Pro-Israel supporter in New York City.
(photo credit: REUTERS/Carlo Allegri)
How do we take a step forward from wherever we are toward an “other” who we
neither know, trust, nor like, in fact who we fear? Peter Beinart has written
another ground-breaking article in The New York Review of Books, “The American
Jewish Cocoon,” in which he states that Abraham Foxman of the Anti-Defamation
League and Elie Wiesel “are unfamiliar with the realities of ordinary
Palestinian life because they live inside the cocoon the organized American
Jewish community has built for itself.”
It seems to me we all, (at least
most of us), live in cocoons that involve family, friends, an extended
religious/ secular, fraternal, academic and work-related community that defines
our lives, our interactions and our relationship to other organized and
All that gobbledygook really separates us
from those we don’t know and may not want to know because they are different
Enemies don’t need to find reasons to separate themselves,
(although they often do), because there is a deep seated hatred born from all the
pain that lies between them.
So Israelis are separated from Palestinians
for security reasons and Palestinians are separated from Israelis for a
different set of security reasons.
The American Jewish community, (the
Diaspora community), has a long, fundamental connection to its sisters and
brothers in Israel and has acted as a pipeline for support since long before
Israel’s Independence in 1948. It is a duty of that community not only to
provide material assistance but also to relate to the people and their problems.
Accordingly we open our mouths as well as our wallets and continue to foster the
human relationship between us.
For many years people have drawn lines in
the sand and suggested that you cannot speak about the security of Israel unless
you make aliya, put on the uniform of the IDF and defend it with your life.
Others believe that if you are born a Jew or convert you have every right and a
responsibility to play an active role in supporting the future of Israel in
deeds and words. But is Peter Beinart right? I believe he is right in
underlining the distance of American Jewish leaders and most American Jews from
interaction on any level with Palestinians in America and in the West Bank and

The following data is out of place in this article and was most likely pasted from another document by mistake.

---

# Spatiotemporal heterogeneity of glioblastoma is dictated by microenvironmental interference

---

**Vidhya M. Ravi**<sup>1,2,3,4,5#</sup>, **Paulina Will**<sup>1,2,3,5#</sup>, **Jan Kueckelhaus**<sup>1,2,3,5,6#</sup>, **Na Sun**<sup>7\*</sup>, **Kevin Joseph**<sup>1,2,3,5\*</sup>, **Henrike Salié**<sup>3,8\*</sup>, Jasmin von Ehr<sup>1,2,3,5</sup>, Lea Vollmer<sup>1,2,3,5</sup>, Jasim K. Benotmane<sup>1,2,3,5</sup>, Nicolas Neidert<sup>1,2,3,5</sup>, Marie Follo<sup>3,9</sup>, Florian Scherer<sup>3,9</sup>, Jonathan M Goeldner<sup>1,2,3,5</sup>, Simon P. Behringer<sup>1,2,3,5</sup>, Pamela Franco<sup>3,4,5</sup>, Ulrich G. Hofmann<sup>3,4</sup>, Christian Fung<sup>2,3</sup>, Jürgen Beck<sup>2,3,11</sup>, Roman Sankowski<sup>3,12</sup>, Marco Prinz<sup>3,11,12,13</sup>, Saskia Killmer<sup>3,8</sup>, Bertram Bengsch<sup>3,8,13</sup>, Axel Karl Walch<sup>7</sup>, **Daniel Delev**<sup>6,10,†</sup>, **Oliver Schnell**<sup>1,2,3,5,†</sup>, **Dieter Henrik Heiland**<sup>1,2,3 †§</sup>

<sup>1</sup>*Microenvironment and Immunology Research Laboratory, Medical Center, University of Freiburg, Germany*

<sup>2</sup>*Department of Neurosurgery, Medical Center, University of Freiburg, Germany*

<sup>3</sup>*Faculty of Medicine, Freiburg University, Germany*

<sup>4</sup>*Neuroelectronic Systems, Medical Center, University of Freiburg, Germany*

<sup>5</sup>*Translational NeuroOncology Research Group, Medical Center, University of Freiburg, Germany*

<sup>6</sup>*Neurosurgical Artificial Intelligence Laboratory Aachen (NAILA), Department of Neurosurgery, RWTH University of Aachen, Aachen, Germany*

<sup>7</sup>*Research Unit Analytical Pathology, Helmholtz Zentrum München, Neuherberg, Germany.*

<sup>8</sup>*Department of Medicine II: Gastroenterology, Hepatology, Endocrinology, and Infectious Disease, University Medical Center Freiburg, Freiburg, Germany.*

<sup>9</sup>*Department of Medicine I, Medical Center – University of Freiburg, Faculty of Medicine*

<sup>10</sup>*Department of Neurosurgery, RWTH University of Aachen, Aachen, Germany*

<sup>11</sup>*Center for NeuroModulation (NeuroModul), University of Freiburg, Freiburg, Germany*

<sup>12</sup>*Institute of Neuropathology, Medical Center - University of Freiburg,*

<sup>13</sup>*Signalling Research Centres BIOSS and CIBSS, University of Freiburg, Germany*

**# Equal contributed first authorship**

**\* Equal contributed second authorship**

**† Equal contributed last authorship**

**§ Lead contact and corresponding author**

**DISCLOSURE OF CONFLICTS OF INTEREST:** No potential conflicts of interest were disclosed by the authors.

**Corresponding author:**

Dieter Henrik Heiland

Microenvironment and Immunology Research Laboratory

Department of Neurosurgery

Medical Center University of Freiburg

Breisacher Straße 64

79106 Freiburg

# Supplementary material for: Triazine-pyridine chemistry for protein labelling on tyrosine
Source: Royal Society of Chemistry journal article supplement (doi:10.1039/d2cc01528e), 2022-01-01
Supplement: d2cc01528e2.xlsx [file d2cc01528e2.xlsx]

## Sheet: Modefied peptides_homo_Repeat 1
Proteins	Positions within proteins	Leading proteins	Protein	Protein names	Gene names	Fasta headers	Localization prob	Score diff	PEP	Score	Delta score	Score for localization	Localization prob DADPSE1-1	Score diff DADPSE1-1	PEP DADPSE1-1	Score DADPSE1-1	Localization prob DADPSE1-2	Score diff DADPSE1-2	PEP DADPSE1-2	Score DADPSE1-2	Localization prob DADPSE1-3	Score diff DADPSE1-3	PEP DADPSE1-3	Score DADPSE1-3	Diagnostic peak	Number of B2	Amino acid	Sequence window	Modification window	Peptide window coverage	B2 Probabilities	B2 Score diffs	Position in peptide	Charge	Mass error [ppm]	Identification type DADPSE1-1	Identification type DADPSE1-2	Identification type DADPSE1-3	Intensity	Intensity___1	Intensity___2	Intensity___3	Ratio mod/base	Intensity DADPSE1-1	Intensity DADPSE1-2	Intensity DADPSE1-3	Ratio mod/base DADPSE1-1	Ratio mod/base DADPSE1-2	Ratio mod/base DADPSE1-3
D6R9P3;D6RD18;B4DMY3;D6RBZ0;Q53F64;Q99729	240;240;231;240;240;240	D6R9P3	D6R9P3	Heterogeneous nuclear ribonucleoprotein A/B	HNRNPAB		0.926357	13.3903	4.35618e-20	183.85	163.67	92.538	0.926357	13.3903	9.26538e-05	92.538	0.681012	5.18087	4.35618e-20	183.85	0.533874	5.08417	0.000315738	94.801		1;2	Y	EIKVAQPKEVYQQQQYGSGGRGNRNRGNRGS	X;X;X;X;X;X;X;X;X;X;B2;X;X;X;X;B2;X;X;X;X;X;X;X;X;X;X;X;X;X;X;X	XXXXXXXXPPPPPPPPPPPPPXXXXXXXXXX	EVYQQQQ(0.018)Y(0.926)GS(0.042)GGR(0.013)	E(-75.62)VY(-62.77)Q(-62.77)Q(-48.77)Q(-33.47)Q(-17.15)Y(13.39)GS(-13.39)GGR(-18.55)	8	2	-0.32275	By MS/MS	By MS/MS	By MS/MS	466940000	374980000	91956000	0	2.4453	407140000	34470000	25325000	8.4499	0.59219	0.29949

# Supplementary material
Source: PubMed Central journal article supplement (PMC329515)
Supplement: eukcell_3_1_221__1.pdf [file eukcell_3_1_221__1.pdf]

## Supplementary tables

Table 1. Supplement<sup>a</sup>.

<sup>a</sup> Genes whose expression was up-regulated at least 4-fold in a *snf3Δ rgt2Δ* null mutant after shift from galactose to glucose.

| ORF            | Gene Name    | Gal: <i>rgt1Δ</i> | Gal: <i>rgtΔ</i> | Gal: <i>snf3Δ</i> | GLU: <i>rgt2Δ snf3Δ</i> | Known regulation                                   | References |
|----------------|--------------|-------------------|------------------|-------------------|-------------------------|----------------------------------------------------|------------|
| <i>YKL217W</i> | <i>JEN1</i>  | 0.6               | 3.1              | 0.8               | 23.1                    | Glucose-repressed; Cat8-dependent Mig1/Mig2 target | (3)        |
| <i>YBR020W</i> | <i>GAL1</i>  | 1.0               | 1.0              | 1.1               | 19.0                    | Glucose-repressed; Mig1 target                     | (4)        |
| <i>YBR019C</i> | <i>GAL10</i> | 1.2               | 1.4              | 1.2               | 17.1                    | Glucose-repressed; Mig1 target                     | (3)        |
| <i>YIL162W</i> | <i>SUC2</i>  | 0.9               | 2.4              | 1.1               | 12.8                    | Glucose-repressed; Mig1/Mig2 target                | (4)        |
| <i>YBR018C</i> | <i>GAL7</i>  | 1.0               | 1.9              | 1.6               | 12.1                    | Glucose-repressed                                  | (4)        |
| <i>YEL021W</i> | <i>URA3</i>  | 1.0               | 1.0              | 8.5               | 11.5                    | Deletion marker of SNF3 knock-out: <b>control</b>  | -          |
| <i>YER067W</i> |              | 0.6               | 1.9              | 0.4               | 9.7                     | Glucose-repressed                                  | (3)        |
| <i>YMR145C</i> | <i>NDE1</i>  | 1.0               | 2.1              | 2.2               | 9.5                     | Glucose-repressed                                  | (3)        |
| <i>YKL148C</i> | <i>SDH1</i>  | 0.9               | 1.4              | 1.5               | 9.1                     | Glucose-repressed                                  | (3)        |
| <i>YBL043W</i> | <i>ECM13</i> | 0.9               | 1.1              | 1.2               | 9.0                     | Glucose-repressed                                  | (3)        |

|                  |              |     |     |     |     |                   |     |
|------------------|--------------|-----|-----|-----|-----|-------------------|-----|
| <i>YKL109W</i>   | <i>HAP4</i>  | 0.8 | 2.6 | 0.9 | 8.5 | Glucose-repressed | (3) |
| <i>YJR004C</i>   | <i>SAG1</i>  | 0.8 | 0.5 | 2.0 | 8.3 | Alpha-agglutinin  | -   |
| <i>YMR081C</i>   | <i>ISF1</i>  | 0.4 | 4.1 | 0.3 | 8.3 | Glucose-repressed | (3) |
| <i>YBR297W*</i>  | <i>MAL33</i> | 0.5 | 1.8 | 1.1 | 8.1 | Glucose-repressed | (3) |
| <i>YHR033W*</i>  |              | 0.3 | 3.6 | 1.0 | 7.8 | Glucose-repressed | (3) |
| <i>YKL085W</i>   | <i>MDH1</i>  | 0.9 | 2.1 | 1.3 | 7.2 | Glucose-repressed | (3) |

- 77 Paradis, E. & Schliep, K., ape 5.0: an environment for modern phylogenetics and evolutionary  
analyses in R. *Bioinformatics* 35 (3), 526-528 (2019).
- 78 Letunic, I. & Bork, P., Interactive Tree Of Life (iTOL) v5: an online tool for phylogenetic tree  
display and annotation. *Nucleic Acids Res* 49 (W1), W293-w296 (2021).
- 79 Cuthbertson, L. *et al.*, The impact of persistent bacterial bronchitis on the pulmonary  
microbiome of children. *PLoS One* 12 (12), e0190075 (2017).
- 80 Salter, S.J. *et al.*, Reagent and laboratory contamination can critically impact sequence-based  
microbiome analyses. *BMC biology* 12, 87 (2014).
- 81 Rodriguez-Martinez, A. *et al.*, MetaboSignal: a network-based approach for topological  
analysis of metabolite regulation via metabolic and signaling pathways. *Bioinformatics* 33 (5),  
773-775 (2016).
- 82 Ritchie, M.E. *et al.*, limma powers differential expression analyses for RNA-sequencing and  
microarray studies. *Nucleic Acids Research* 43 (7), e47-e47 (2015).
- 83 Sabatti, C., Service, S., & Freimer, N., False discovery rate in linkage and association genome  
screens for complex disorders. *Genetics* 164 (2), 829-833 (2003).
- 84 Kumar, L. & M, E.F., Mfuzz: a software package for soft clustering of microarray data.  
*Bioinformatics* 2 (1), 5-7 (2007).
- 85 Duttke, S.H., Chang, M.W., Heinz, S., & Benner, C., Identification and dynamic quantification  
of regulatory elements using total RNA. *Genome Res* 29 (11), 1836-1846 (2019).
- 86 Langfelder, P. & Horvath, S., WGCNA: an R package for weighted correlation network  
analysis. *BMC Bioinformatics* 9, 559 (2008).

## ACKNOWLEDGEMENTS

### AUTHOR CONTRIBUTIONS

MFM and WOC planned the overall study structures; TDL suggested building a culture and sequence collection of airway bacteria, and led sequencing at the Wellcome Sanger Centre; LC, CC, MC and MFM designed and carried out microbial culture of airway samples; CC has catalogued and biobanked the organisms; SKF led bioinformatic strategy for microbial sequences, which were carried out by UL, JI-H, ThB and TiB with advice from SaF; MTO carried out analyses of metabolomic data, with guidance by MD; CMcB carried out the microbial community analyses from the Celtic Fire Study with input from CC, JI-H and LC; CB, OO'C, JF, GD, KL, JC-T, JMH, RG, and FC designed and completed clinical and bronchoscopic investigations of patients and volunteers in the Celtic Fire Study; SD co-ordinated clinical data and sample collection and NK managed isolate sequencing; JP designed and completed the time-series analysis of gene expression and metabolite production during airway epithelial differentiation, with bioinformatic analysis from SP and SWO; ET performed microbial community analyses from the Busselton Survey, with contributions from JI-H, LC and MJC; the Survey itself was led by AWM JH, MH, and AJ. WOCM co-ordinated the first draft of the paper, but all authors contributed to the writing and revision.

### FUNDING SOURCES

in their own Diaspora. We need to establish relationships, rapport, consider the
terms of reconciliation, to do our part not only to be informed Jewish American
citizens but to help lead friends and family here and in Israel to understand
Palestinians as individuals and human beings who live in America, Europe, the
West Bank, Lebanon, Syria, Jordan and now Turkey, too, as well as in many other
countries around the world.
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We may not change the world overnight. But we
can actively work to let some light in.
I believe he is wrong in not
concretely speaking to the enormous anger which exists on the other side and
leads Palestinians to pursue a rabid BDS, (Boycott, Divestment and Sanctions)
program, as well as an anti-normalization program that often imposes the
separation of Palestinians from both Israelis and all Jews as a policy that has
been enunciated and followed by Palestinian Authority officials.
are real and imagined problems on both sides as well as here some 5,000 miles
away in America that inhibit even the simplest joint activity out of fear of the
response of Jews within the Jewish Community and Palestinians in the Palestinian
Community on both sides of the Atlantic. Beinart put his finger on an issue that
Underneath all the anxiety that lies between us there is a
fundamental need to know each other, to talk, to listen, to learn and to
understand. I believe this fundamental need extends far beyond the criticism of
Beinart to be a missing piece in the very complex puzzle that involves the
current American-led 2013 peace process that is being conducted quietly today
between Israelis and Palestinians. Without beginning a complementary
people-to-people dialogue facilitated between Palestinians and Israelis from
Haifa to Eilat, Jenin to Hebron and in Gaza, too, the likelihood of achieving a
lasting peace that will be endorsed and supported by both peoples is
This ongoing process must be internationally financed and
formally authorized by both leaders, (Prime Minister Binyamin Netanyahu and
President Mahmoud Abbas), to overcome the multiple naysayers who work hard each
day to enforce the isolation.
American Jews as well as those of many
faiths have a role in reaching out and connecting with Palestinians here and
there. Through this process we can get to know others as people who become a
part of our own orbit and we can work together to help establish and build the
relationships that will promote understanding and ultimately peace.The
author is president of ICMEP – the Interfaith Community for Middle East Peace,
an NGO based in suburban Philadelphia. He can be reached at email@example.com.
The words of the author do not represent the policy of ICMEP.
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